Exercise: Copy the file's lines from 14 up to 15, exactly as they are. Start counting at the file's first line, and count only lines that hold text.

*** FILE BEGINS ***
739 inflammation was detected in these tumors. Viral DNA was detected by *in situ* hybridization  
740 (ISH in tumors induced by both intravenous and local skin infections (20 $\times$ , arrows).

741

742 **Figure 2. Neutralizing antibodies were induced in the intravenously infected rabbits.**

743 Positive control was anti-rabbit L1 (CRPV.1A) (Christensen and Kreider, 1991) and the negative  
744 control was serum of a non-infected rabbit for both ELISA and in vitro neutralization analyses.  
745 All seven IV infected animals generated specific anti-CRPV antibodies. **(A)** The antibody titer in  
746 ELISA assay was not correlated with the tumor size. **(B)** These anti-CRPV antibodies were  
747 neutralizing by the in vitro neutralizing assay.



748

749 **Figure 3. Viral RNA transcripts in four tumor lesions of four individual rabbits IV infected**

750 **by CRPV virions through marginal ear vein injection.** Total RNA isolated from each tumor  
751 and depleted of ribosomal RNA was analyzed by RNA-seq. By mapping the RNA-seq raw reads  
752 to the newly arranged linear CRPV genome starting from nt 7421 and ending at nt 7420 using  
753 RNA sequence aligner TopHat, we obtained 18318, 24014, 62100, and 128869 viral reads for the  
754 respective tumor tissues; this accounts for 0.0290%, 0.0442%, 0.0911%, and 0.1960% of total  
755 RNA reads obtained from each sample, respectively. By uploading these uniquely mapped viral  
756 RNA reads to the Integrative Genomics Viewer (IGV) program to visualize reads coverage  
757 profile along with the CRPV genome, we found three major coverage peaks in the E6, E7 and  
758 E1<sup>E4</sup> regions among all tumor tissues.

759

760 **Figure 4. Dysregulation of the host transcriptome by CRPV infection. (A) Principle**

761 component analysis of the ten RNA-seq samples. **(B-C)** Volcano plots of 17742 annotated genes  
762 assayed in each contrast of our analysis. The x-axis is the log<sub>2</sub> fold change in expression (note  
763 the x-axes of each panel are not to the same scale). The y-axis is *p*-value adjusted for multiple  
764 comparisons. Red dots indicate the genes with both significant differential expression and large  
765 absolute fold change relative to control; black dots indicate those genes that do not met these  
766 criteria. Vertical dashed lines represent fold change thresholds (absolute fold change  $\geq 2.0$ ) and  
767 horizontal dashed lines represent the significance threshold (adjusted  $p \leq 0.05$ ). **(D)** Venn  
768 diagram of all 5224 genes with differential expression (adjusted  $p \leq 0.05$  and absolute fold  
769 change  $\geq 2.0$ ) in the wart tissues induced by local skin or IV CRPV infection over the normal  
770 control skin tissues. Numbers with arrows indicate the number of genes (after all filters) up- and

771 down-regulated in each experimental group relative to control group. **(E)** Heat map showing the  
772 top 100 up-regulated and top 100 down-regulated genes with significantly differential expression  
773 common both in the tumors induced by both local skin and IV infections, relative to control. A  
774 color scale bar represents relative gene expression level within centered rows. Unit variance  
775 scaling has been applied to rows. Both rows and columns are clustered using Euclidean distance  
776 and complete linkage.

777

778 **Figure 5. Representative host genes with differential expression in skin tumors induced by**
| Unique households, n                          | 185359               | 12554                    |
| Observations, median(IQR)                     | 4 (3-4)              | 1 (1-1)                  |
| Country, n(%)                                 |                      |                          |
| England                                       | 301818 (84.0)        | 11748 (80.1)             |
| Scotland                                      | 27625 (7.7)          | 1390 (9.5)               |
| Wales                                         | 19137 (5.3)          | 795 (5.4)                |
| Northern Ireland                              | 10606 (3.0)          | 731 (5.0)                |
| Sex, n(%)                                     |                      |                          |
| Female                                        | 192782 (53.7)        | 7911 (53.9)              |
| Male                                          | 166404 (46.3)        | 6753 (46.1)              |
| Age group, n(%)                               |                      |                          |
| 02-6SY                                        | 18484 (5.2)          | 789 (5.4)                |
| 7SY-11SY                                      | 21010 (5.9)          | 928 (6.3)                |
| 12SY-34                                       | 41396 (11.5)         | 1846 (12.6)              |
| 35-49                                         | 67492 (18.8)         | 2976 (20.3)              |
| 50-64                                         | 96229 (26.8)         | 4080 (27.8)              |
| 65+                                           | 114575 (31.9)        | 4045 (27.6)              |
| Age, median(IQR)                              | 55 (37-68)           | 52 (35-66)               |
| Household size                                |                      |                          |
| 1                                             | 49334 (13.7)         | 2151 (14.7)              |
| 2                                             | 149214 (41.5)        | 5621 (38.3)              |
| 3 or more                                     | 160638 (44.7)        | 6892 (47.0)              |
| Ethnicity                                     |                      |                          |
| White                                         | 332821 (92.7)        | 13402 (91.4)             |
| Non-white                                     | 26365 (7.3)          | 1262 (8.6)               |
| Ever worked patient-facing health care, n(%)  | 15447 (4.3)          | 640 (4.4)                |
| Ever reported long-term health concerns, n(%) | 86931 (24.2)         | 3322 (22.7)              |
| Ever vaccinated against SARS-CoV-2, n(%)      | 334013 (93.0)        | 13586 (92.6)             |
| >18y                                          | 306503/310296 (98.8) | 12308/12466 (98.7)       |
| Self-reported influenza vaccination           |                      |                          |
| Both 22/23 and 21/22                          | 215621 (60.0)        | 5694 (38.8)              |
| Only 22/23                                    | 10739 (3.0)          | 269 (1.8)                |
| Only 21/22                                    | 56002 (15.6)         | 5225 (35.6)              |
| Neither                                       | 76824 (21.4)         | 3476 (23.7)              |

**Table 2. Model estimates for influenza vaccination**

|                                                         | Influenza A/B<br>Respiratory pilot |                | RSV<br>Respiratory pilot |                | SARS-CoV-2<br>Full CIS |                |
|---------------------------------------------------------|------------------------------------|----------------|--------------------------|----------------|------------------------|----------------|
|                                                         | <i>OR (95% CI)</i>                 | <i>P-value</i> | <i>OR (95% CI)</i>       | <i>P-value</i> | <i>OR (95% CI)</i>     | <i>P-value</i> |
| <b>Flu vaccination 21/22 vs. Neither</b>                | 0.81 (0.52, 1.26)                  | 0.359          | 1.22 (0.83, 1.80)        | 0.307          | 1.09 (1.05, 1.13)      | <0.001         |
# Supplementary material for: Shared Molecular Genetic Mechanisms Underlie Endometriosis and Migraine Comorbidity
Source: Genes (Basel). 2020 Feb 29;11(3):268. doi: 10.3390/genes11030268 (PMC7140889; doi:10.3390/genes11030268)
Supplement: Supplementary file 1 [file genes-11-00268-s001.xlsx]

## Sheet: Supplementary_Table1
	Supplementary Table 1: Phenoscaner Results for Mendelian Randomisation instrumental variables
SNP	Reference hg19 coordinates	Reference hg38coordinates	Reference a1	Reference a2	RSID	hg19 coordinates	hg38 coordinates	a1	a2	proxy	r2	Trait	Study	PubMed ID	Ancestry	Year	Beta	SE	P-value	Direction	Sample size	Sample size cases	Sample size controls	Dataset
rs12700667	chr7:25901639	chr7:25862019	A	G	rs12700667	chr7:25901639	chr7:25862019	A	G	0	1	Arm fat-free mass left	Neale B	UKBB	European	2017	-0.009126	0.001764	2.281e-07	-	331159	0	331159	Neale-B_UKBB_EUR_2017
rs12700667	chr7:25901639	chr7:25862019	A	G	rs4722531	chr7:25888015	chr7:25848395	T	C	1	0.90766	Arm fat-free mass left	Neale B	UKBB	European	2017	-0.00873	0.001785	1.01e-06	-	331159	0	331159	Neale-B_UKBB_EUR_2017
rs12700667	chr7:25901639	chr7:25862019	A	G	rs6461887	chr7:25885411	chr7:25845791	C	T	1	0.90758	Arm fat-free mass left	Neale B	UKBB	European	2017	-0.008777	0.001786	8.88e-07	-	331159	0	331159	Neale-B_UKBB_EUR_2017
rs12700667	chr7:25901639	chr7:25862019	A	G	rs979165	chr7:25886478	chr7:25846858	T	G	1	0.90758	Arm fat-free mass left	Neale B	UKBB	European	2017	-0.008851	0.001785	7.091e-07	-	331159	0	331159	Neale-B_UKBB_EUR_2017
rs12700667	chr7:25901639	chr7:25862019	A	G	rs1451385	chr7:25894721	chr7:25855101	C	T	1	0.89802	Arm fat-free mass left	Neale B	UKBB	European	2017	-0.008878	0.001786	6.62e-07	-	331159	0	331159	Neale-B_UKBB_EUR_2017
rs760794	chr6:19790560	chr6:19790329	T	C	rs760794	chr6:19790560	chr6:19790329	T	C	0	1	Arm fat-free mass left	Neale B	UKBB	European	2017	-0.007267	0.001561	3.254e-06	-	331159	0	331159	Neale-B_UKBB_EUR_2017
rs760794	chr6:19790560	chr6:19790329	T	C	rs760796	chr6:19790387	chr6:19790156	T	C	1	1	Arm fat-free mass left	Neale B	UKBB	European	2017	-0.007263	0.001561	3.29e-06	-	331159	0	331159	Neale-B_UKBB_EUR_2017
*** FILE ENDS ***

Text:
752 to the newly arranged linear CRPV genome starting from nt 7421 and ending at nt 7420 using  
753 RNA sequence aligner TopHat, we obtained 18318, 24014, 62100, and 128869 viral reads for the  